The complaint (click here to read it) alleged that Herzet had accepted in-kind — or merchandise — contributions that were improperly made in the names of owners, family members, and employees of Graphic Concepts, Inc. It also alleged that Herzet’s campaign finance report did not list the occupations of the contributors, which it clearly did not (see above). Finally, the complaint alleged that Herzet accepted an aggregate amount from a person that exceeded the $500 legal limit. The total of contributions from individuals connected with Graphic Concepts was $3,500.

Naturally, I’m disappointed in the commission’s decision. I believe there certainly was enough evidence that the occupations of the contributors were not listed on the campaign finance report form. The spaces to report their occupations were, as you can see, left blank. I also believe I presented enough evidence from Herzet’s and Graphic Concepts’ own Facebook pages to show that at least some of the in-kind contributions “more probably than not” — which is a good definition of “probable cause” — came from Graphic Concepts itself and not from the individual contributors listed on Herzet’s report.

I believe the evidence also showed that Herzet knew at least some of the merchandise came from Graphic Concepts and that Graphic Concepts knew it and not individual family members or employees provided it. Consider the Facebook image (below) submitted to the ethics commission, which Graphic Concepts captioned, “A little bit of campaign items Sheriff Herzet ordered from us!” It shows the truck wrap that Herzet’s report claims came from Spencer Owens.

It doesn’t bother me that Sheriff Herzet won’t get it trouble as a result of the complaint’s being dismissed. I am concerned, however, that this case will embolden corporations to give other candidates in-kind contributions in the names of employees, relatives, or even people with no connection whatsoever to the businesses.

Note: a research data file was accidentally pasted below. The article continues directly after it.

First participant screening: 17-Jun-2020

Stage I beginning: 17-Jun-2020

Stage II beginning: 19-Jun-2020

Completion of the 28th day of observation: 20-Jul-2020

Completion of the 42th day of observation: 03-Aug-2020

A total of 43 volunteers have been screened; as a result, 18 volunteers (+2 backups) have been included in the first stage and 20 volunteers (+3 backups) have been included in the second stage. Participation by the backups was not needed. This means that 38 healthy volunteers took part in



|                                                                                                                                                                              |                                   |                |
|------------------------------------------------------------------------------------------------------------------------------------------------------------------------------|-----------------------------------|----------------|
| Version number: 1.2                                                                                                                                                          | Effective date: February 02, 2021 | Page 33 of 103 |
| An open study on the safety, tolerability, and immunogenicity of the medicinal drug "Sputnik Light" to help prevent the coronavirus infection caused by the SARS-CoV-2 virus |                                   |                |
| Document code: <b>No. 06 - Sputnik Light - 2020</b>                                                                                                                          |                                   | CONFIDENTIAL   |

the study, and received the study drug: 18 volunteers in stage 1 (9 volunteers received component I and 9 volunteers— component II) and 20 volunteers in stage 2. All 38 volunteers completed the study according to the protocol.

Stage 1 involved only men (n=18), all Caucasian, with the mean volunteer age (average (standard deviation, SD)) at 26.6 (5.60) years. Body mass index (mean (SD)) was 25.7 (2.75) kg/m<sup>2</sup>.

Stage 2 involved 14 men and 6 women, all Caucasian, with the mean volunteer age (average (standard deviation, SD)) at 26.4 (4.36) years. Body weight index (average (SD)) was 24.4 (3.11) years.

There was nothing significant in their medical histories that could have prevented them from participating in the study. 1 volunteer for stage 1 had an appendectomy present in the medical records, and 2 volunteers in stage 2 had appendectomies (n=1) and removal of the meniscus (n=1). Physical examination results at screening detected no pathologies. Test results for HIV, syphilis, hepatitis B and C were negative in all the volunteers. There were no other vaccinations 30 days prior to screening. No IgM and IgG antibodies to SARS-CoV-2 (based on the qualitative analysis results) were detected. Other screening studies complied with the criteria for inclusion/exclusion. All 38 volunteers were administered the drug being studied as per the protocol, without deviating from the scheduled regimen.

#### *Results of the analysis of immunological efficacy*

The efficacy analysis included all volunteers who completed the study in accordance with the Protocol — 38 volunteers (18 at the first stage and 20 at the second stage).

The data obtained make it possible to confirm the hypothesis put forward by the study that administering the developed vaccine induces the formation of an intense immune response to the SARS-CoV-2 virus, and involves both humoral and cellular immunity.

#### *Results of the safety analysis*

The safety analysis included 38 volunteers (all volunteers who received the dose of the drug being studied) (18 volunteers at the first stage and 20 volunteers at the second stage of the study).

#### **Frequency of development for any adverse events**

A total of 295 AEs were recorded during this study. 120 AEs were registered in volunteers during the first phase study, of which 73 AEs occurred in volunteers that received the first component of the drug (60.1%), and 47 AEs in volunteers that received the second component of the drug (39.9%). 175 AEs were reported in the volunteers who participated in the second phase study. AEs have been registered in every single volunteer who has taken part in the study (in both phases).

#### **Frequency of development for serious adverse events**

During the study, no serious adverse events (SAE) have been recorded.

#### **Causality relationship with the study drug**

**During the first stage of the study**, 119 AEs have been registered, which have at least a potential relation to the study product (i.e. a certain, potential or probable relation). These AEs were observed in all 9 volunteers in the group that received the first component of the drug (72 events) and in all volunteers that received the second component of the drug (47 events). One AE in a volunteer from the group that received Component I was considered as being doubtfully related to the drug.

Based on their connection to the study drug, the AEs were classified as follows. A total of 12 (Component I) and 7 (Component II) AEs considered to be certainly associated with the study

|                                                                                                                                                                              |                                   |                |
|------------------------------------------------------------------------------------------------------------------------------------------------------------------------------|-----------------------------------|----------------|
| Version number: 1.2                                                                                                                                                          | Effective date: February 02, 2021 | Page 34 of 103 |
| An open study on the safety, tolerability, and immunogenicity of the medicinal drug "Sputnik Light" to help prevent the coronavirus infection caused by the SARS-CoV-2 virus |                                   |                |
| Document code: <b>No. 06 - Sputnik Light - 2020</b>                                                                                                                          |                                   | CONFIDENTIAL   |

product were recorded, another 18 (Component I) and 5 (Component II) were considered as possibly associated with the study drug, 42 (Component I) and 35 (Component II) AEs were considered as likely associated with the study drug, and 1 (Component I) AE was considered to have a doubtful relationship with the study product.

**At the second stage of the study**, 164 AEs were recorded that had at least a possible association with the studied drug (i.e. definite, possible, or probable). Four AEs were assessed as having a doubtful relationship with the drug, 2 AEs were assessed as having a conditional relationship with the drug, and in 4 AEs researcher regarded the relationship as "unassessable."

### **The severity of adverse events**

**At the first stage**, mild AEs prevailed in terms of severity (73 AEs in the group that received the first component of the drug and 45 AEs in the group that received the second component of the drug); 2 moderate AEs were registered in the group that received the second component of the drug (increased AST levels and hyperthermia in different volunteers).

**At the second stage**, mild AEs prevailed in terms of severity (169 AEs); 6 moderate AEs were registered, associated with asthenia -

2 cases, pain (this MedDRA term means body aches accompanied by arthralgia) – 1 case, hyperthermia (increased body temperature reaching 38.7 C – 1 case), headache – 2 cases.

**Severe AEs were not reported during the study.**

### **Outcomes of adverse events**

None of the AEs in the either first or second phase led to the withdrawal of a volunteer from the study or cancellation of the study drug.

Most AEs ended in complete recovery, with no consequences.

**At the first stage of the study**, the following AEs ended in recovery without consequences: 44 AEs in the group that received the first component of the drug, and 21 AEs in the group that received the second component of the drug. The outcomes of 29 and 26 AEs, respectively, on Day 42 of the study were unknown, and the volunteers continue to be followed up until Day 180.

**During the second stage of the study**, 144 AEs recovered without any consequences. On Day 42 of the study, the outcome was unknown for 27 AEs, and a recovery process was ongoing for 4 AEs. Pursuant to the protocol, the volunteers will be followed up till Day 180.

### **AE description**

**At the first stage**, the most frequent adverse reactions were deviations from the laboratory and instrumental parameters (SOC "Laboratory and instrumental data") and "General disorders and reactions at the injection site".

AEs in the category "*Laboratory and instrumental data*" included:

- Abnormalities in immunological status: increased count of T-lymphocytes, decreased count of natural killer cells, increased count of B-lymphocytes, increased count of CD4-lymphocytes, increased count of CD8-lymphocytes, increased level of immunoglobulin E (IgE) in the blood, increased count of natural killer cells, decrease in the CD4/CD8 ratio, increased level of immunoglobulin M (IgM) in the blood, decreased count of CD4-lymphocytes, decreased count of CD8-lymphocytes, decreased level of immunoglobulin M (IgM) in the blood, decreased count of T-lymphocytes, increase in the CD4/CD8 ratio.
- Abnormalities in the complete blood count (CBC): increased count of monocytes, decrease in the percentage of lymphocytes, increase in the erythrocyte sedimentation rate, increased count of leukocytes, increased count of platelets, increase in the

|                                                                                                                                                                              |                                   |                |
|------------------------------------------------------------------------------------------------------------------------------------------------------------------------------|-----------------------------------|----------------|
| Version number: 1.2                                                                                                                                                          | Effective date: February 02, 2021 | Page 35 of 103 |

At least some of these statutes alleged to have been violated in my complaint required that the candidate or contributors “knowingly” committed the violations. Maybe that was why the commission made the decision that it did. If the laws are indeed that weak, the Kansas Legislature needs to fix them. Otherwise, after reading about this case, it won’t be long before political operatives from every corner of the map set up sham corporations to funnel as many truck wraps, signs, and flyers as they wish to campaigns big and small.

The ethics commission, by law, considers this matter confidential. Clearly, I do not. I believe this case reveals a serious deficiency in Kansas campaign finance law — one that could easily be exploited by any party or candidate, even a “fringe” one. That is why I’m publishing a blog post about it and including documentation related to the complaint.

I hope somebody in the Legislature will see that the statutes need to be rewritten. What happened in a small-town sheriff’s race may be of little statewide consequence, but the same scenario that played out here could easily occur in a governor’s race. Do the Republicans, who hold the governor’s office and majorities in both houses of the Legislature, really believe the Democrats or some fringe element won’t try something similar? Or are the Republicans willing to bet their appointees on the ethics commission will somehow find probable cause if they file a complaint?

#chuckzuck On Inauguration Day

By Lee White